I’m as much a type-snob as the next person. Some people even claim that I’m more of a type-snob than the next person (usually they mean that as an insult, but so far I managed to take it as a compliment). And the old Helvetica vs. Arial rip-off story certainly has come up at one stage or another. The irony here is that I am not a particularly big fan of Helvetica as a typeface. I can appreciate how well-constructed it is and how it’s very good at doing its job. Yet, I think it’s a bit bit on the dull side. Let’s say I’m more an Optima kind of person…
Ironically, the rise of Arial made me appreciate Helvetica a bit more. While the differences between both fonts aren’t dramatic they do two things: First, they highlight how well thought out Helvetica’s design is and, second, by dropping all those nice details and the consistency from Helvetica, they show the poor taste that lives in Arial.
When seeing the Helvetica film last summer I was amused by people like Erik Spiekermann expressing how appalled they are by the mere existence of Arial (and its bad consequences both for both their type creation business and smooth workflows in publishing). And, while it seemed a bit overdone, I could also see the point Paula Scher made there on how Helvetica stands for authority and war by the way it has been used.
And once you start looking around you there may be more to that than she meant to indicate and the bottom line is that Helvetica is used by the guys who tend to do bad things. Big government and big corporations use Helvetica because it gives them a neutral and legitimate look and because their design is done by professionals who just wouldn’t use Arial. In a way that means that Helvetica has come to stand for the big guys from Lufthansa to American Apparel to Nestlé. Which makes the typeface equivalent CO2 emissions, exploitation and killing kids respectively. What a shame.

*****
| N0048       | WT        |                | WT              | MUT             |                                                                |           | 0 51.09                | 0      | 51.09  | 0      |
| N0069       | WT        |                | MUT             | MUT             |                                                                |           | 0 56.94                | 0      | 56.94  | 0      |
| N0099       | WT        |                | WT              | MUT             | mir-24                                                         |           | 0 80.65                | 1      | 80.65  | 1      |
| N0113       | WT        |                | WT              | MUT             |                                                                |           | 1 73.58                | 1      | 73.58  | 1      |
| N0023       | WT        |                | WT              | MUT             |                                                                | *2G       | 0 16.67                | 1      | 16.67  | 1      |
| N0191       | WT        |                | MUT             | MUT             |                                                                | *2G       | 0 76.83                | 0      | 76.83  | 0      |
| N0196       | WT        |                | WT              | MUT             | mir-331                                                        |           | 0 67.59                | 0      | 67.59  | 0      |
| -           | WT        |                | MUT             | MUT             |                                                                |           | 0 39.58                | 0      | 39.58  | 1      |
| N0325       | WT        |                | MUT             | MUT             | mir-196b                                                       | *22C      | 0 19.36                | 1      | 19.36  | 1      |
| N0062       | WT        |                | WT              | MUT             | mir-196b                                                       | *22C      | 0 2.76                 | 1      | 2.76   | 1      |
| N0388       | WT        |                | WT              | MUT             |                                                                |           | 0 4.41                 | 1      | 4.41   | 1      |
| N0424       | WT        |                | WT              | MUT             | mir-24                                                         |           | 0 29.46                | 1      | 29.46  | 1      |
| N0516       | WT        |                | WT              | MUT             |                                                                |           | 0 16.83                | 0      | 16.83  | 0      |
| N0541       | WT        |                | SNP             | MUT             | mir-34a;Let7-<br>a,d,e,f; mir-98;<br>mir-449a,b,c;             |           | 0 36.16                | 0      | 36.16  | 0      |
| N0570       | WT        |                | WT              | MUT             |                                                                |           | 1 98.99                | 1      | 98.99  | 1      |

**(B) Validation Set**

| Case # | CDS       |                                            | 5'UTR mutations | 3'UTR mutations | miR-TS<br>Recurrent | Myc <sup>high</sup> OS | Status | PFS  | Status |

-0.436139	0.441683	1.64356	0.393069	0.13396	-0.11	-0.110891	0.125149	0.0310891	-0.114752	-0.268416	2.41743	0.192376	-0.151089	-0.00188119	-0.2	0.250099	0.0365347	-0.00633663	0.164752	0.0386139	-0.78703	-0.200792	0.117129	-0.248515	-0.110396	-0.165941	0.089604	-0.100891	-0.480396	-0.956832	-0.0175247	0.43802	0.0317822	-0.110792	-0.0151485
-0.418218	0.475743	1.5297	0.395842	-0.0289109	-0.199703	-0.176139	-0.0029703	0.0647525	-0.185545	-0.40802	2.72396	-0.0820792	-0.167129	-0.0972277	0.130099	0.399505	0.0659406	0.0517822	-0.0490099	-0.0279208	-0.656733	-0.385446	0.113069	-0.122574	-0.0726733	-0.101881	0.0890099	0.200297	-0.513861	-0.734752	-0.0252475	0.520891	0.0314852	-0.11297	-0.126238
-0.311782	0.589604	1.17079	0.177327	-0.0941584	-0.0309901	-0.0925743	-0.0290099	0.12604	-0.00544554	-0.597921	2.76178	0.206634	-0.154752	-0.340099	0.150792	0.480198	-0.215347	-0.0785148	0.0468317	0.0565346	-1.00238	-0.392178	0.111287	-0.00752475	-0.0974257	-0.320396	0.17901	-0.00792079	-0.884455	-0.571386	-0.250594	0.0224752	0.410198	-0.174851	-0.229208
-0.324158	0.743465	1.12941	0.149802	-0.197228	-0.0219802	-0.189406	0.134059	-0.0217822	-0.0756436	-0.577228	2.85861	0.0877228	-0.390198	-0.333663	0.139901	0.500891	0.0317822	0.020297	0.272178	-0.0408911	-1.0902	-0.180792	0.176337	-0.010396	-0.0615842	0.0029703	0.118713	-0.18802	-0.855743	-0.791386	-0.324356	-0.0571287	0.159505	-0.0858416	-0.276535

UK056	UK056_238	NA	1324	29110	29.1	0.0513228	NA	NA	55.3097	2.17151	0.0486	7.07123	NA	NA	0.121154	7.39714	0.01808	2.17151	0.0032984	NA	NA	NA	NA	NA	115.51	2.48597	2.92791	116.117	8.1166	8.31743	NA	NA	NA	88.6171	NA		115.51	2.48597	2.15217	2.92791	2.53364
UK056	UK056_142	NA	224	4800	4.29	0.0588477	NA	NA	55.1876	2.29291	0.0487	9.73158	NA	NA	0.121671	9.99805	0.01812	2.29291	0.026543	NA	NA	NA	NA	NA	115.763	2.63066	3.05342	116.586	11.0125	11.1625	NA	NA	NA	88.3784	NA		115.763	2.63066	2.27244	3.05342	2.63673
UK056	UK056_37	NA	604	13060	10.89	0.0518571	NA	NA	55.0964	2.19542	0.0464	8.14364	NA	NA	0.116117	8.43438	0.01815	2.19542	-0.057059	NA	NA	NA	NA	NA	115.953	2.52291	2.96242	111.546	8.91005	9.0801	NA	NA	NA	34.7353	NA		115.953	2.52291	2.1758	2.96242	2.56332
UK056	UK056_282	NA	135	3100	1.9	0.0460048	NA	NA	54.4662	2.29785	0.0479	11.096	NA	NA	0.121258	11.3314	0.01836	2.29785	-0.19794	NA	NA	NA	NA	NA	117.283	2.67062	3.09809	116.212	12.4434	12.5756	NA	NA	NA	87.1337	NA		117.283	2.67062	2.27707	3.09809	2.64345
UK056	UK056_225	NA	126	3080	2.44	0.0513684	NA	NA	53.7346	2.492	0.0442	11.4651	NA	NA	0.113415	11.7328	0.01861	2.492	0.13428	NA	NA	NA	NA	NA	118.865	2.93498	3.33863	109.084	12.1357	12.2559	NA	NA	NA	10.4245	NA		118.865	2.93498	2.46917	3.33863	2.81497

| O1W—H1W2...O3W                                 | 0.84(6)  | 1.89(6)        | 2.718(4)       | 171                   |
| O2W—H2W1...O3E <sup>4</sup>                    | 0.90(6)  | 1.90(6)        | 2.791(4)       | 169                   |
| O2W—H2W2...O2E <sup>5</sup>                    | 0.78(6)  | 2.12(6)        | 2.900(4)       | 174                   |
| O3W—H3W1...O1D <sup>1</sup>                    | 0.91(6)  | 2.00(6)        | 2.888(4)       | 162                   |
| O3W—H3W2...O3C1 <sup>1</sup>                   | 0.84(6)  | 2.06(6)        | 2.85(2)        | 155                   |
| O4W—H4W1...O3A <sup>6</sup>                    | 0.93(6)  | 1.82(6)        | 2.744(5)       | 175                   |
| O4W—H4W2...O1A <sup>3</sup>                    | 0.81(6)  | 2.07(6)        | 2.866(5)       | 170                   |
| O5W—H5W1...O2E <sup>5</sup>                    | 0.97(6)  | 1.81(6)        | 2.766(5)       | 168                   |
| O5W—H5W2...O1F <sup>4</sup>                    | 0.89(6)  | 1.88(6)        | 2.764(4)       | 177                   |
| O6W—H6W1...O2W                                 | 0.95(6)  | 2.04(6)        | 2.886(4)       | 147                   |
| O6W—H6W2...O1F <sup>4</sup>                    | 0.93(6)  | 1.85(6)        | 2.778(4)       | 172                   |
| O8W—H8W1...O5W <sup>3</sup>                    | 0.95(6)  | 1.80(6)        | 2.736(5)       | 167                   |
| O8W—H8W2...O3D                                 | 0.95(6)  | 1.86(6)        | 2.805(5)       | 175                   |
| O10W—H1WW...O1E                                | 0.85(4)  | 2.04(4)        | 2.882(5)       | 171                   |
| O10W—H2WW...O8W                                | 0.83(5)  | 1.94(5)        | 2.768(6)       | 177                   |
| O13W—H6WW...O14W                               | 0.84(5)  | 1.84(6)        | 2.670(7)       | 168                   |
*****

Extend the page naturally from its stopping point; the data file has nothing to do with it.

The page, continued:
In a way, the split between Helvetica and Arial is that between professionals and non-professionals. Sometimes this can be seen easily, if the ‘professionals’ did a poor job and the people who actually have to use their design had to amend it to make it useful. It appears that this was the case at a local shopping centre where the main signage had been done in Helvetica but later on bigger, more cleverly positioned, signs were added so people can find the correct place in the parking lot again,
And thus, Arial – while being a disgrace for a certain point of view – is also the ‘mostly harmless’ typface. Everybody who’s uses a Windows computer and is clueful enough to not use Comic Sans will be using Arial. The odd note explaining how to use the photocopier will be in Arial, the invitation to the christmas party will be in Arial, and of course people looking for their lost cats will be using Arial:
And thus, while not wanting to be apologetic for that font, it appears that right now that the good guys are using Arial. Let’s see how long it takes the advertisers and consultants to pick up on that and we’ll see the first corporations intentionally use that atrocity of a font because it’s both cheap and looks harmless…
Poor Carlo! I hope they find him. :-(
I use Helvetica Neue, but prefer Futura when a Sans Serif typeface is called for. And now there are a number of nifty fonts that are kind of intermediary between the two which is a “safe” way of moving away from Helvetica, but still keeping the classic (boring?) look that some clients sometimes demand.
Of course, if the default font in Windows applications was Brush Script, that’s what most non-professional signs would use. People are oblivious.
And what do you make of DejaVu Sans, the free Unicode variant of Bitstream Vera Sans ?
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